Bitcoin’s price (BTC/USD) jumped sharply higher this weekend, rising by as much as 10% to $254 on BTC-e.
Historically, such price swings are not uncommon for bitcoin. But the sudden rise broke what had been yet another lengthy stretch of some of the quietest trade in recent memory.
Bitcoin spent the majority of last week dabbling in the low $230s, barely budging more than 1% in either direction. Historically, lengthy stretches of abnormally quiet behavior are frequently compensated for with major moves in either direction.
Bitcoin’s flat activity helped it gravitate back toward its 50-day moving average (MA), which it had been straddling for nearly two weeks. The jump sent it well clear of this mark, which has now settled to below $230. Its distance from this mark is now similar to that of two weeks ago when bitcoin jumped above $260 and to that in late January when bitcoin briefly jumped past $300. Bitcoin has not traded this far above the MA since last November.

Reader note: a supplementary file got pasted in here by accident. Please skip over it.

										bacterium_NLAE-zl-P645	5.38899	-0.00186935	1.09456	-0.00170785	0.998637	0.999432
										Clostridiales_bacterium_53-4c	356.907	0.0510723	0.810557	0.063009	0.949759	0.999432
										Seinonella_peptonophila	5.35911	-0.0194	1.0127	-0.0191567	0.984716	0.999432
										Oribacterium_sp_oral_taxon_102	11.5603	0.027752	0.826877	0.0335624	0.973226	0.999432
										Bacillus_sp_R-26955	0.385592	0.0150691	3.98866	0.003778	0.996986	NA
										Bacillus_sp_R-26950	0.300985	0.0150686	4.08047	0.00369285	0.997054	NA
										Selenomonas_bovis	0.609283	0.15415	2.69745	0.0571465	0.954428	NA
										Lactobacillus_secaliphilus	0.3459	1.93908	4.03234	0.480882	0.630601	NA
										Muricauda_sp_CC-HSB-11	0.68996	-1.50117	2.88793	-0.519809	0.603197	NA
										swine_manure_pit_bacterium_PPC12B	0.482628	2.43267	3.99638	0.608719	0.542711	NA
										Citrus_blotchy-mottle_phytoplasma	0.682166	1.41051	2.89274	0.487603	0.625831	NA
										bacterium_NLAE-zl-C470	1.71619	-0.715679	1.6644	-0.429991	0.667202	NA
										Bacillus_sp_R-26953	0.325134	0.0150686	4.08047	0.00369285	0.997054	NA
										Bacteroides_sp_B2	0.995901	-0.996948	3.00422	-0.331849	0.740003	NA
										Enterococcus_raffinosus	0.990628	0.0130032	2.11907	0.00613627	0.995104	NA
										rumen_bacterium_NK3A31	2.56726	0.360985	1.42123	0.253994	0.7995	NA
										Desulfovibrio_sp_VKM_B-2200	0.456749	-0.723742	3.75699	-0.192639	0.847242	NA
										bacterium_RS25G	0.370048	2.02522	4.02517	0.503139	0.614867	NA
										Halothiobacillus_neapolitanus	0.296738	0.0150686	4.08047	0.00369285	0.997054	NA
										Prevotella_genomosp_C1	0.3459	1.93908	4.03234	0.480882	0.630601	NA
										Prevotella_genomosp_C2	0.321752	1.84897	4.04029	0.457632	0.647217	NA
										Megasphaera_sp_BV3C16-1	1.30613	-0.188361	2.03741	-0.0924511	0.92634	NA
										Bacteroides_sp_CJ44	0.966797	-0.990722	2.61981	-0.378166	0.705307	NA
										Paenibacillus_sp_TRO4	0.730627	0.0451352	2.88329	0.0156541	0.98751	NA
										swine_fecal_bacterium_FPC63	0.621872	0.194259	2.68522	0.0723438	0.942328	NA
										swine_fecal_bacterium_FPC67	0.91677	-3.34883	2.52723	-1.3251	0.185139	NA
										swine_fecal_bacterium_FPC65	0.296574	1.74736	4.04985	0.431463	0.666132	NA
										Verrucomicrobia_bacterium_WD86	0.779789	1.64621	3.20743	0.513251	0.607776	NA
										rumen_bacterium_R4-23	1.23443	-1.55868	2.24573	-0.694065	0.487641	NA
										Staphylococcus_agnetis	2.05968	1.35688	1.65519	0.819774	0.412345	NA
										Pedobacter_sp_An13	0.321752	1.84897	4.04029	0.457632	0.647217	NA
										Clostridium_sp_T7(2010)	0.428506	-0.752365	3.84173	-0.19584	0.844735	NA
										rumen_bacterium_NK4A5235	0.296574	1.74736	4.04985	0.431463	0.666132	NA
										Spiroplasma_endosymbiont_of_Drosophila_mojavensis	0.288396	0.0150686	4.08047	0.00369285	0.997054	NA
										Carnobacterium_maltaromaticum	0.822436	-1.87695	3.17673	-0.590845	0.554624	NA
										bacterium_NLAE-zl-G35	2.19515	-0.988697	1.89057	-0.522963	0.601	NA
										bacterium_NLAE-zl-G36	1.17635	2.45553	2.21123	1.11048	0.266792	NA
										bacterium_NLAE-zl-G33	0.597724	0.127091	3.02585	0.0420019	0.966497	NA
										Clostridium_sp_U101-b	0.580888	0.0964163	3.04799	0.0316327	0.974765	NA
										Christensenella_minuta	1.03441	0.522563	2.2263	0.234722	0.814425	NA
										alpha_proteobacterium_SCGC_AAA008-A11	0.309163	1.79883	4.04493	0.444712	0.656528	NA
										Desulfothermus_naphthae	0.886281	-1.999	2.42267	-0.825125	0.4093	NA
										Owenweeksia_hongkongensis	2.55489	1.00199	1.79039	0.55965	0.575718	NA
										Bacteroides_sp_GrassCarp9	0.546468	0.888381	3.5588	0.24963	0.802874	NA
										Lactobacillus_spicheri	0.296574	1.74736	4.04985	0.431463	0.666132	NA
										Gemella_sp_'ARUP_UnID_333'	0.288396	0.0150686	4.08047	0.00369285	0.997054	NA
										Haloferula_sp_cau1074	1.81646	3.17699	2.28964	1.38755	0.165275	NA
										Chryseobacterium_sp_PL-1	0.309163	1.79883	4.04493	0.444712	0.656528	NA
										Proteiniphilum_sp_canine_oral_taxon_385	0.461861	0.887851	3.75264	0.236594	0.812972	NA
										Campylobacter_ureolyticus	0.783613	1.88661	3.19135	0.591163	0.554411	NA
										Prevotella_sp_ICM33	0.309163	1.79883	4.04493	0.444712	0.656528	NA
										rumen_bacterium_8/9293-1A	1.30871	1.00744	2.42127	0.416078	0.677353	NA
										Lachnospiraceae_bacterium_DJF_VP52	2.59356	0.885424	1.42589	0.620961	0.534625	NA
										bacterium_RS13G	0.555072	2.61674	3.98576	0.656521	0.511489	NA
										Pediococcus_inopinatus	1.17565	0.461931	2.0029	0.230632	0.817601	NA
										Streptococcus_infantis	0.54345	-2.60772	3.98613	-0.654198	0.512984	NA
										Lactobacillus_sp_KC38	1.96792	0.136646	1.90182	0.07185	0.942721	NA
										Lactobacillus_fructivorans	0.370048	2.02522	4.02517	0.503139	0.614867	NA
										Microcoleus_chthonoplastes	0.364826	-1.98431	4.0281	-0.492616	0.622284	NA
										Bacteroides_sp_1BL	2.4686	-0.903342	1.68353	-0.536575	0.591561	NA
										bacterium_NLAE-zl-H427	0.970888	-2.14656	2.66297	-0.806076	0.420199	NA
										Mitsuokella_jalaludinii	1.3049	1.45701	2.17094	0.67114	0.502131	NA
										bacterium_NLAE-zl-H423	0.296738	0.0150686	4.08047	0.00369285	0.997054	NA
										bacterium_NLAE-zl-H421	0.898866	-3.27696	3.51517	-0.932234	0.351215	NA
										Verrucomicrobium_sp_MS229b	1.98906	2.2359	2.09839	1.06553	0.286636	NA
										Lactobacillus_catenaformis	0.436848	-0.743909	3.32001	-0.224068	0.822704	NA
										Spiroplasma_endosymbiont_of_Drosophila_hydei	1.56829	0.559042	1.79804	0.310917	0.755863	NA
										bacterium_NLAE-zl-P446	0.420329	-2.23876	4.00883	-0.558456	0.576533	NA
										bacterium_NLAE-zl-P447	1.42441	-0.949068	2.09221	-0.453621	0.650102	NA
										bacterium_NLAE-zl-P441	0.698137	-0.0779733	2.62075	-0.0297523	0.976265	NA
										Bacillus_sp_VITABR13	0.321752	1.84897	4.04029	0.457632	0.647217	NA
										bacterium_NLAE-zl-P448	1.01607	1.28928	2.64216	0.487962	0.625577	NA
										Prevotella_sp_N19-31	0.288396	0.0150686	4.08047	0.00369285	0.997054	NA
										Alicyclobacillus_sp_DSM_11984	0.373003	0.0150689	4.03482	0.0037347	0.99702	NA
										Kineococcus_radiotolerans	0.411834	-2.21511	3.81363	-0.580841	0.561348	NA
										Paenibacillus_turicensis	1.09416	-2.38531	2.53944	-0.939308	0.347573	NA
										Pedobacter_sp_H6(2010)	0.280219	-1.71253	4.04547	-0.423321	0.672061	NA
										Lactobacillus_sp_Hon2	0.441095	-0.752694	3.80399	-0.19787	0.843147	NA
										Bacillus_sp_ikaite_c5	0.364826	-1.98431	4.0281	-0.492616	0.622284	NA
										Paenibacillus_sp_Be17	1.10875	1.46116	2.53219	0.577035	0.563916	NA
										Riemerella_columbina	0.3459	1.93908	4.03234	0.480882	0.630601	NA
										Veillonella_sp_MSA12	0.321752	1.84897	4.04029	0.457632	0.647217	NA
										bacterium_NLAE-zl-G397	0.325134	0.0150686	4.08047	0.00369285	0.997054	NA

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The continued stability relative to short-term history strengthens the notion of a possible bottoming process, but a lot would have to fall into place for this to happen.
Unlike during the previous mini-rally, BTC has held onto the majority of its gains–mirroring its flat profile prior to the rally, only $15 higher. It is currently trading at $246.
Litecoin, however, has not followed bitcoin’s lead as it typically has in previous rallies. It did make a large move relative to its trailing profile, but the magnitude was but a fraction of bitcoin’s–3% to$1.84, most of which has already been given back. Volume is below average with just under $1 million traded during the past 24 hours. The resultant LTC/BTC rate has thus declined to a 6-week low of 0.0072.
The spread between BTC-e and its peers continues to be wider than normal. It is currently around $6 (2.4%).